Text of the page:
The card networks are always keeping merchants busy staying on top of their various mandates, but merchants should cheer on Mastercard and Visa's efforts to bring refund processing in line with current consumer expectations. The refund authorization mandate should speed up refund processing, reduce the workload of customer service departments who deal with inquiries about the status of refunds, and eliminate many "friendly fraud" chargebacks that result from customers getting impatient with the slow and opaque refunding processes of yesterday.

How does the mandate affect authorization chargebacks?

In addition to its return authorization requirements, the mandate also changed how issuing banks may submit authorization chargebacks. In order to process and authorization chargeback, the issuer must show that one of the following conditions was met:
 
  • The merchant ran the transaction without authorization
  • There is no primary account number associated with the transaction
  • The authorization chargeback protection time-frame of 7 days has expired AND one of the two following conditions are met:
    • In Europe: The account is permanently closed before processing the chargeback.
    • Outside of Europe: The issuer must identify the account as “not in good standing”.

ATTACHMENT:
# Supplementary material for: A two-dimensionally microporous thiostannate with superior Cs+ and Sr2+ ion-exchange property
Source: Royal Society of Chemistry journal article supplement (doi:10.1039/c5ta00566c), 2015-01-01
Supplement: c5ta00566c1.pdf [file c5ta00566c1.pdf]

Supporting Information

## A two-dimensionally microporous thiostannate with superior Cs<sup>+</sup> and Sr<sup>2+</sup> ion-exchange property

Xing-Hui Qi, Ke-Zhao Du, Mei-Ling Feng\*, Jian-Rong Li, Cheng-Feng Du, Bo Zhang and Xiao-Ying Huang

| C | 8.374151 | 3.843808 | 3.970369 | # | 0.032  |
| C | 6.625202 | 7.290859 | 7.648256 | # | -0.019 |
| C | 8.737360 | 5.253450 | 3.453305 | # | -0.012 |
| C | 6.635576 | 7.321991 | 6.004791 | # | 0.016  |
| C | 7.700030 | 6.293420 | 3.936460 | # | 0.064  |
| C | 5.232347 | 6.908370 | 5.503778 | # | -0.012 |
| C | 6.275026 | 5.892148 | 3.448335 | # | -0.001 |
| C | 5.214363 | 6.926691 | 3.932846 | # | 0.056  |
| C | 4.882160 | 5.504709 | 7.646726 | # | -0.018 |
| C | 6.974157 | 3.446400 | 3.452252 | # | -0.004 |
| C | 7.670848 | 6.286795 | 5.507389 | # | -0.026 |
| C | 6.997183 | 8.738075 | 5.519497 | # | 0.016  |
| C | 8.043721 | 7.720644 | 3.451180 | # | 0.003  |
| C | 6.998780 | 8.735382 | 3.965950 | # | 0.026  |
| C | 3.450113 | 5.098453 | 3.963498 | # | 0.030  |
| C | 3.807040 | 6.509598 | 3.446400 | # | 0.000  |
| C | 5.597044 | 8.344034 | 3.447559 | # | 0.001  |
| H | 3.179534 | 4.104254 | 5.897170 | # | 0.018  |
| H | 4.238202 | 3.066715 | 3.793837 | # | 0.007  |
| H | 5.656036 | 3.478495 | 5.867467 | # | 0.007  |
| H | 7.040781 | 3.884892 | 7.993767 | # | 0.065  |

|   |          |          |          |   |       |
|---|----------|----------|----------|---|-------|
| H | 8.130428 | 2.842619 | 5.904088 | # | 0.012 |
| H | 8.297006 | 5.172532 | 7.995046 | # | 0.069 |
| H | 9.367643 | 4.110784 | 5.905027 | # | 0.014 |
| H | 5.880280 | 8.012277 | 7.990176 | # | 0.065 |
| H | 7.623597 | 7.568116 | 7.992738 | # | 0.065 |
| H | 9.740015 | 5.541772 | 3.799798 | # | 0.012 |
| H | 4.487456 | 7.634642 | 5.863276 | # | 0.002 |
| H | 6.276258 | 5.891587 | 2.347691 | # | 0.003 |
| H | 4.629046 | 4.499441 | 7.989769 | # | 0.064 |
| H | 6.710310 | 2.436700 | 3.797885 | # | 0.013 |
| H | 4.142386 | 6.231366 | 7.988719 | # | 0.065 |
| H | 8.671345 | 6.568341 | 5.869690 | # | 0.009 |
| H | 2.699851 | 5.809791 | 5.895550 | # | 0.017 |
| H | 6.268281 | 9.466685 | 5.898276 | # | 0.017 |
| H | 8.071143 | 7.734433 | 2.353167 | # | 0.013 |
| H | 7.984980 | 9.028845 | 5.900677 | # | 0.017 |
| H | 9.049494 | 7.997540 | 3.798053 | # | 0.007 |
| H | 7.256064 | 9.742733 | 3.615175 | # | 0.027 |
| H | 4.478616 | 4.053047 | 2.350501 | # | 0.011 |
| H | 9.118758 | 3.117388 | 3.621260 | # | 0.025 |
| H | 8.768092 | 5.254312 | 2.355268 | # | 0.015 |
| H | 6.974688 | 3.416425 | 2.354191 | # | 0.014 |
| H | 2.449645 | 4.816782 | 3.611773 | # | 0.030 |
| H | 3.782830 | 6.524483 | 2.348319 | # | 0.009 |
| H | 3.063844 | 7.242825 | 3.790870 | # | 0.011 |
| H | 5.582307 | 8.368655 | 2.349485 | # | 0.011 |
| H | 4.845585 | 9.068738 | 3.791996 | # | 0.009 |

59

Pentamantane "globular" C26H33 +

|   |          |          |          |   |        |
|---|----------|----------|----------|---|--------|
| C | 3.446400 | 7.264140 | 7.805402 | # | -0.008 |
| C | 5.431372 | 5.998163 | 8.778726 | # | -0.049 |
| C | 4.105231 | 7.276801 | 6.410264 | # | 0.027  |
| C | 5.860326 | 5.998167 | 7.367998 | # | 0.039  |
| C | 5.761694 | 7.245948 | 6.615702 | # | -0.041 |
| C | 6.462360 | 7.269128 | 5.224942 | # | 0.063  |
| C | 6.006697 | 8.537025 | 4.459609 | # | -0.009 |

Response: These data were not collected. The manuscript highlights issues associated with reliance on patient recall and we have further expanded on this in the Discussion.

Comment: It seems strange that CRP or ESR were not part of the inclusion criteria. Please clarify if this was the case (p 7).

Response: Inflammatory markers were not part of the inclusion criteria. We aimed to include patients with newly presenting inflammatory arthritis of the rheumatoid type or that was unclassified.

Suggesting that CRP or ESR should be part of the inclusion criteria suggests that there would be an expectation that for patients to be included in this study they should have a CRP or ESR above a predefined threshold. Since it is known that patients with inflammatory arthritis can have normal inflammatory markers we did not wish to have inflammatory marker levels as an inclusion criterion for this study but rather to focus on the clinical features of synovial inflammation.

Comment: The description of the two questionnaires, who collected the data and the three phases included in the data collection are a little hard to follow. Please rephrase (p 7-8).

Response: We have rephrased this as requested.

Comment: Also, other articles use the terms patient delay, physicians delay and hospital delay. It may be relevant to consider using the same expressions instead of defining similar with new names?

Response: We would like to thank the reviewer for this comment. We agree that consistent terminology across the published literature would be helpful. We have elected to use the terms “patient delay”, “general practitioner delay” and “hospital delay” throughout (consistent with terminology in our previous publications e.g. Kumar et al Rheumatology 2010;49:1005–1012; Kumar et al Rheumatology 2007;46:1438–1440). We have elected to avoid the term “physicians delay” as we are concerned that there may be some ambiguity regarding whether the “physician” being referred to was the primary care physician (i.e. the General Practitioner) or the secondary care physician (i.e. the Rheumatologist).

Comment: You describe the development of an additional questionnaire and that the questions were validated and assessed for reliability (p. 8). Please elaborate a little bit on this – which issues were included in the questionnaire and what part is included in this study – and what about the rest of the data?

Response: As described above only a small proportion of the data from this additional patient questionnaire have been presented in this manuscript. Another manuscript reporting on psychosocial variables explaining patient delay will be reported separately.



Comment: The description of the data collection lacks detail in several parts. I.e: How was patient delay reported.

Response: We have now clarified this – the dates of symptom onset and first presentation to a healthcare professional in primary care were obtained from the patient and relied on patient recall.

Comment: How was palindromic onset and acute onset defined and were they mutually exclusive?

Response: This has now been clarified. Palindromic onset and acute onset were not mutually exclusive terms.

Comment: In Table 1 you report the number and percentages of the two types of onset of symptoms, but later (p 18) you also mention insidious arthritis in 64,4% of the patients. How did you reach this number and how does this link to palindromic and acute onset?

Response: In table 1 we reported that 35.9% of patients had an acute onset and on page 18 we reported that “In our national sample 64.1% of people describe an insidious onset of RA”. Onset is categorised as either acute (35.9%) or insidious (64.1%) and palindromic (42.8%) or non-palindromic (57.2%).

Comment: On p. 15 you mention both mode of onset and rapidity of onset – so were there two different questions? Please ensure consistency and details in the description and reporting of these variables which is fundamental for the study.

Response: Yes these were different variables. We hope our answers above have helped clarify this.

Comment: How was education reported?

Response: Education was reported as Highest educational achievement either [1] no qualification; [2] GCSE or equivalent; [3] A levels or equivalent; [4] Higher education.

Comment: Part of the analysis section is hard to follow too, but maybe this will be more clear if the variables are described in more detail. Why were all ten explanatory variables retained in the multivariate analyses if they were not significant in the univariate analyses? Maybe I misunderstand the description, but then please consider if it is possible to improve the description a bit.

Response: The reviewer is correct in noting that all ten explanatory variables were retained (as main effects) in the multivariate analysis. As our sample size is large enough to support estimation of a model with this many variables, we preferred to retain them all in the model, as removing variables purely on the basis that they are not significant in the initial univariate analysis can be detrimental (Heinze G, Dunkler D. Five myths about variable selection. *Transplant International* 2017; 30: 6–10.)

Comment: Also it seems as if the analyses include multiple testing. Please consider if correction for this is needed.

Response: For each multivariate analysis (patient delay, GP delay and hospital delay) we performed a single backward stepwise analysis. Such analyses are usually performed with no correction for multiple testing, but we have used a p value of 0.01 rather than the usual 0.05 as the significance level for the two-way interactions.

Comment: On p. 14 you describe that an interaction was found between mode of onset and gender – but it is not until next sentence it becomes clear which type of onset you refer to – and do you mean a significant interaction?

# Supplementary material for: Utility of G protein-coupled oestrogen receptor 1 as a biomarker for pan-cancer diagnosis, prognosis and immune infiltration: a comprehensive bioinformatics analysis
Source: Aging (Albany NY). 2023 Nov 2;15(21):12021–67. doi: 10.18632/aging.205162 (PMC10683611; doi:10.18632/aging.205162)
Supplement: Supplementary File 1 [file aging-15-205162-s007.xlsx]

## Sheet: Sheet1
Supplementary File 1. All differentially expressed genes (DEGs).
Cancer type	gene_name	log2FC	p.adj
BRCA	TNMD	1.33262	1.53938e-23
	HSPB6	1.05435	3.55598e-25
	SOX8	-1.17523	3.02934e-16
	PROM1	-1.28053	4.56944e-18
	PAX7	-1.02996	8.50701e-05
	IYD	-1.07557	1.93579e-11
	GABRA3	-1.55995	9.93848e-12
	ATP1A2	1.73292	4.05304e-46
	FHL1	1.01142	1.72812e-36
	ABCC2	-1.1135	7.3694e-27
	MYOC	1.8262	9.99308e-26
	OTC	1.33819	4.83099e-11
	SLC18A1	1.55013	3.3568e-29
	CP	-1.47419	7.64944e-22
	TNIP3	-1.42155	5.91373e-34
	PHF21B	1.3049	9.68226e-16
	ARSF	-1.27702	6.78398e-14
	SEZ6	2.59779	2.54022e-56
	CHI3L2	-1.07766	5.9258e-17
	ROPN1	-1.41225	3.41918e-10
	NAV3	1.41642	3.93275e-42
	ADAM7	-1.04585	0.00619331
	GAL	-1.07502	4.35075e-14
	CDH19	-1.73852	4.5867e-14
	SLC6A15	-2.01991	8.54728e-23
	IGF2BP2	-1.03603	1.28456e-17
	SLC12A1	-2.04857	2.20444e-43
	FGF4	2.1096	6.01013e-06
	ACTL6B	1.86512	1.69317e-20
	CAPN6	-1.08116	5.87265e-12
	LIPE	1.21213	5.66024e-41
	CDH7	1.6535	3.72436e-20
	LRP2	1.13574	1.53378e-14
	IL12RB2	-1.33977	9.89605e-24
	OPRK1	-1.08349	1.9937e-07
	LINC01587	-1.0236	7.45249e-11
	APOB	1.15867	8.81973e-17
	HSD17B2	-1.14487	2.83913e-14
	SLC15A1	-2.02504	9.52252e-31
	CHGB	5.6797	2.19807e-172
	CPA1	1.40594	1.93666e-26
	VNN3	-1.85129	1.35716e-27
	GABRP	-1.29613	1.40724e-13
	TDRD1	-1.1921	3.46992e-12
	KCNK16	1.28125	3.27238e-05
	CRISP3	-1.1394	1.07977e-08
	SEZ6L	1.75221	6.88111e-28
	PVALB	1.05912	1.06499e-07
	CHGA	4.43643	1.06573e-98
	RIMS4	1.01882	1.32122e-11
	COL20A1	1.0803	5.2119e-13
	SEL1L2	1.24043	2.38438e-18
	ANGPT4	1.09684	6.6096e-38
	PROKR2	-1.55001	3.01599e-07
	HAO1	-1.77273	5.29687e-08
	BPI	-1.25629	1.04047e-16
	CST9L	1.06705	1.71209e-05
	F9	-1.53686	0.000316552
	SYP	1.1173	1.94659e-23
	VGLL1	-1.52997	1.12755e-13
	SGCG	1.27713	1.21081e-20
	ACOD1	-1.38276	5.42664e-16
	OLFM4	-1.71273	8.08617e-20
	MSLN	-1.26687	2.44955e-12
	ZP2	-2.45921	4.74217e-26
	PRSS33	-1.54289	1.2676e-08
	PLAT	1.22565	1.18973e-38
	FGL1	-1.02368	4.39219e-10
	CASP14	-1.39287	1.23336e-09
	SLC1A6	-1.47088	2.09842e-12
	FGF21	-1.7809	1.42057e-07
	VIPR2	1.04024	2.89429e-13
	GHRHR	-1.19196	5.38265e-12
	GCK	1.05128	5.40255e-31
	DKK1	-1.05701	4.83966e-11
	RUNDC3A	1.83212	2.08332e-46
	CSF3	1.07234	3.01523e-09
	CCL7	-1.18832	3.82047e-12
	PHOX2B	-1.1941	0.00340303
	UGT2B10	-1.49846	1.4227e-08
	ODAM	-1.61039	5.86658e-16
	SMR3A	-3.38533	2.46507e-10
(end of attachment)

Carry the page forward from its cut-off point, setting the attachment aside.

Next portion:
Of course, the guidelines for the circumstances in which an issuer may process an authorization chargeback also serve as a guide for merchants to avoid them. Simply make sure your transaction process doesn't allow for any of these conditions to be met, and you won't have to worry about authorization chargebacks.
 
 

Will the Mastercard return authorization mandate prevent chargeback fraud?

The intention of this mandate is to make the return process more transparent and prevent chargebacks born from customer confusion. However, its scope is narrow, and most types of chargebacks, especially those caused by friendly fraud, won't be affected by adopting these procedures.
 

Mandates like these are necessary improvements that are intended to make the payment space safer for customers by standardizing how payments are handled by merchants across the globe and addressing any problematic merchant behavior they want to curtail. Unfortunately, even those changes that will benefit merchants and customers alike in the long run can be cumbersome or even costly for merchants to implement.

FAQ

What is payment authorization?

Authorization is when the cardholder’s issuing bank either approves or denies a credit card transaction. Part of this process includes verifying whether or not a card has been stolen. This process can return several reason codes for approval or denial of the transaction.
 

What is the time limit for a chargeback?

Typically, a cardholder has roughly 75-120 days to file a chargeback on a disputed transaction. The reason for the chargeback and the credit card network involved may change that time-frame, however, so consult with representatives in those networks.
 

What happens when a merchant doesn’t respond to a chargeback?

If you are a merchant who receives a chargeback and you do not respond within the network-designated period, you will automatically lose that chargeback, and may be assessed an additional fee.